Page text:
On Religious Freedom, the Pope and the President Speak Different Languages

Pope Francis called conscientious objection a ‘human right’ on his flight back to Rome, on the same day that President Obama told an LGBT Democratic Party fundraiser that gay rights trump religious freedom.

Pope Francis is greeted by President Barack Obama upon his arrival on Sept. 22 at Andrews Air Force Base in Washington.
Pope Francis is greeted by President Barack Obama upon his arrival on Sept. 22 at Andrews Air Force Base in Washington. (photo: © L'Osservatore Romano)

WASHINGTON — The contrast could not have been more striking.

As he flew to Rome on Sunday, following his six-day visit to the United States, Pope Francis said conscientious objection is “a human right” when a reporter asked him for comment about religious liberty in the context of government officials, as in the case of Kim Davis, a county clerk in Kentucky who objects to issuing licenses for same-sex marriages.

“And, Holy Father, do you also support those individuals, including government officials, who say they cannot in good conscience, their own personal conscience, abide by some laws or discharge their duties as government officials, for example in issuing marriage licenses to same-sex couples? Do you support those kinds of claims of religious liberty?” questioned ABC News correspondent Terry Moran.

“I can’t have in mind all cases that can exist about conscientious objection,” the Pope replied, a couple of days before Davis’ attorney announced that the Holy Father met Davis during a private audience in Washington. “But, yes, I can say conscientious objection is a right that is a part of every human right. It is a right. And if a person does not allow others to be a conscientious objector, he denies a right.”

But while Pope Francis affirmed traditional marriage and conscience rights, President Barack Obama spoke Sunday at an LBGT Democratic Party fundraiser in New York and declared that religious freedom cannot be invoked to deny constitutional rights that include the rights of same-sex couples to civilly marry.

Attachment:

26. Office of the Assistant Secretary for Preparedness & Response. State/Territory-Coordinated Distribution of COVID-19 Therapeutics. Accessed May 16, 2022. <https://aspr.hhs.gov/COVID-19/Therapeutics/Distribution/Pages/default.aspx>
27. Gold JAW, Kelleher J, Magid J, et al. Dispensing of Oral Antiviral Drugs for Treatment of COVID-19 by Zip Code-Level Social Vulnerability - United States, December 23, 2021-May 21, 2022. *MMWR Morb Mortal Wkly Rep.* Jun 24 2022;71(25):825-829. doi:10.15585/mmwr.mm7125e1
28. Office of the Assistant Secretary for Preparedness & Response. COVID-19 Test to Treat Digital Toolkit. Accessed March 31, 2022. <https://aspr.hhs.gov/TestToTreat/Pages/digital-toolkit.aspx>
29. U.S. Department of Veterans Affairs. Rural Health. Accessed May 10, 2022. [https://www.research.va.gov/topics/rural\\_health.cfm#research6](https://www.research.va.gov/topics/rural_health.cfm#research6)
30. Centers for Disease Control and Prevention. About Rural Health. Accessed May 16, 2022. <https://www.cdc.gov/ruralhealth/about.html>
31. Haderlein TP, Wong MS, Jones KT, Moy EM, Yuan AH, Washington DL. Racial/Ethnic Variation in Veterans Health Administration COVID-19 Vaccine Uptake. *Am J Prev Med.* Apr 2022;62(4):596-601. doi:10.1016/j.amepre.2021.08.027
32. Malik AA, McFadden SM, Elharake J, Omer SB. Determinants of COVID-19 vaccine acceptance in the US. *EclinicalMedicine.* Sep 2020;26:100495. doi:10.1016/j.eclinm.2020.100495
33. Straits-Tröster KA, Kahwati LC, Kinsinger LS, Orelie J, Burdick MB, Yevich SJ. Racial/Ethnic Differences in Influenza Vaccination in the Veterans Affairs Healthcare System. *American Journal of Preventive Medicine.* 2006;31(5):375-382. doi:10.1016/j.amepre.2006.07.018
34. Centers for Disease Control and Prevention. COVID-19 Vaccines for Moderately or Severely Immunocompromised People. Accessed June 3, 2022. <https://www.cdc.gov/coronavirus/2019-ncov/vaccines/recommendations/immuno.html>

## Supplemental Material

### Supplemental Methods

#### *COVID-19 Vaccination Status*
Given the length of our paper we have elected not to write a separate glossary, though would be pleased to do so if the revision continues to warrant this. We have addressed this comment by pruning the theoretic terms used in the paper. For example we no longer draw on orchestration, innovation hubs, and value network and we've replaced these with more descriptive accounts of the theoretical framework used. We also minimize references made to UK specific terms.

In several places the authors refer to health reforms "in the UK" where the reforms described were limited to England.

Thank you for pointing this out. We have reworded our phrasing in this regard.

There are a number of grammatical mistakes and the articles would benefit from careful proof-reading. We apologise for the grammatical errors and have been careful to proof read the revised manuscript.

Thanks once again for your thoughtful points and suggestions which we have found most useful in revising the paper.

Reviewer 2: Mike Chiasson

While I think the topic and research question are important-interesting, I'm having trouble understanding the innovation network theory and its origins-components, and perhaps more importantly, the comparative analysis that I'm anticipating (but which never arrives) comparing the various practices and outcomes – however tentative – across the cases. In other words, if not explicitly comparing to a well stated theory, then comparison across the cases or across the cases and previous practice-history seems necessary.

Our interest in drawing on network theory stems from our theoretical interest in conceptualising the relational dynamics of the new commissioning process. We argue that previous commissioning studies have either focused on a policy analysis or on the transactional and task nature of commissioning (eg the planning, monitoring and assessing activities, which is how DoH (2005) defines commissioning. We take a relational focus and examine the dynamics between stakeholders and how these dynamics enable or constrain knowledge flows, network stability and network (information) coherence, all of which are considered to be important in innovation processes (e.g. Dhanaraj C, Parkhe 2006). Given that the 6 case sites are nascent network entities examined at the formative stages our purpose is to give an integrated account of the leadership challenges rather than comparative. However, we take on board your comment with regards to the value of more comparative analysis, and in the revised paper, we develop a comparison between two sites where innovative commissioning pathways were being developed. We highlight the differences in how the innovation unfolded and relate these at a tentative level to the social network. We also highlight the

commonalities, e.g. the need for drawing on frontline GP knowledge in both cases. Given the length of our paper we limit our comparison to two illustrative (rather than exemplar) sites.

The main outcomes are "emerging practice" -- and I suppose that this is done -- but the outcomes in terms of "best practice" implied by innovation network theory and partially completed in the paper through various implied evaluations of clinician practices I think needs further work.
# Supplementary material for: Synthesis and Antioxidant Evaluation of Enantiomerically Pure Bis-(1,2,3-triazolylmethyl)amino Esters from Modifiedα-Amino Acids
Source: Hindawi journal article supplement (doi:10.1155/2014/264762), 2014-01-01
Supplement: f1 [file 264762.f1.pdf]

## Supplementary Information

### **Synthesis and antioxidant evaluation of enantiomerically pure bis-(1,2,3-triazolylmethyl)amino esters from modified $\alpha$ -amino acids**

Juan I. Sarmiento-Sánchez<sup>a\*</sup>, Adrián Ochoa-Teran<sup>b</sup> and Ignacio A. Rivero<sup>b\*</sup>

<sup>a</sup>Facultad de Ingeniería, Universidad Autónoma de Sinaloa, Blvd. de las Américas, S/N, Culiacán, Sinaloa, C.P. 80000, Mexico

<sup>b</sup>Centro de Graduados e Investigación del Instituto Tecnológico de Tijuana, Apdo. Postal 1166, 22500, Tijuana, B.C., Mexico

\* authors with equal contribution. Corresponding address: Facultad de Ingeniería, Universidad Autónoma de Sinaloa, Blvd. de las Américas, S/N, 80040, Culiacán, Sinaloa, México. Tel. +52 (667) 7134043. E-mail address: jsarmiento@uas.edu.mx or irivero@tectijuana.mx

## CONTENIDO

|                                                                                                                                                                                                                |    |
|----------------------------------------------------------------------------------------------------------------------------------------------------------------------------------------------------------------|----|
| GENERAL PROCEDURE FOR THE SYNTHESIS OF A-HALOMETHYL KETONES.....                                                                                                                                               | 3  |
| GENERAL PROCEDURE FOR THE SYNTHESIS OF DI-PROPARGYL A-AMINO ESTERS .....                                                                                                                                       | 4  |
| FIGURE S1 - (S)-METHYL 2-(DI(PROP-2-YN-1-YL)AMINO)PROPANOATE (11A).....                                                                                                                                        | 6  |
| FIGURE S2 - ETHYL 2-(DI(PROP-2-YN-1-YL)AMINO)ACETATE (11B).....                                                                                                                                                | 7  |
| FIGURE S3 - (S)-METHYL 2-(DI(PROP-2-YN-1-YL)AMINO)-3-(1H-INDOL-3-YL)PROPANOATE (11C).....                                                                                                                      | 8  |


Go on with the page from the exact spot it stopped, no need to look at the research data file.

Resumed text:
Obama mentioned the importance of accommodating “genuine concerns and interests” of religious institutions, but he also urged his listeners “to reject politicians who are supporting a new form of discrimination as a way to scare up votes,” adding: “That’s not how we move America forward.”

Questioned three days later about the Pope’s meeting with Davis, presidential spokesman Josh Earnest replied, “I don’t have a specific reaction to the meeting,” before doubling down on Obama’s comments to the LGBT Democratic Party donors.

“The president did note in his comments over the weekend that it’s important for Americans across the country to say clearly that our religious freedom doesn’t grant us the freedom to deny our fellow Americans their constitutional rights,” Earnest said.


‘Very Stark’ Differences

The Vatican subsequently clarified on Oct. 2 that the Pope’s meeting with Davis “should not be considered a form of support of her position in all of its particular and complex aspects.”

But Davis’ attorney, Mat Staver, told the Register that the differences were “very stark” between what the Pope and president said about religious freedom as it pertains to the right to dissent to the redefinition of marriage.

“President Obama is throwing religious freedom out the window at the expense of same-sex marriage,” said Staver, the founder and chairman of Liberty Counsel, a nonprofit legal organization dedicated to defending religious freedom, the sanctity of life and the family.

Also commenting on the “interesting juxtaposition” was Robert Destro, a law professor and founding director of the Interdisciplinary Program in Law and Religion at The Catholic University of America’s Columbus School of Law.

“President Obama’s understanding of what constitutional rights means is very typical for his side of the political spectrum,” Destro said. “It’s not just that you have a right to be free of discrimination, but people actively have to support your behavior and affirm it.”

The U.S. Supreme Court’s June 26 decision in Obergefell v. Hodges may declare that same-sex couples have a right to marry civilly, but Destro said that does not mean they need someone like Davis, an Apostolic Christian, to sign their marriage licenses.

“As long as they can get their marriage licenses, their constitutional rights are affirmed,” Destro said.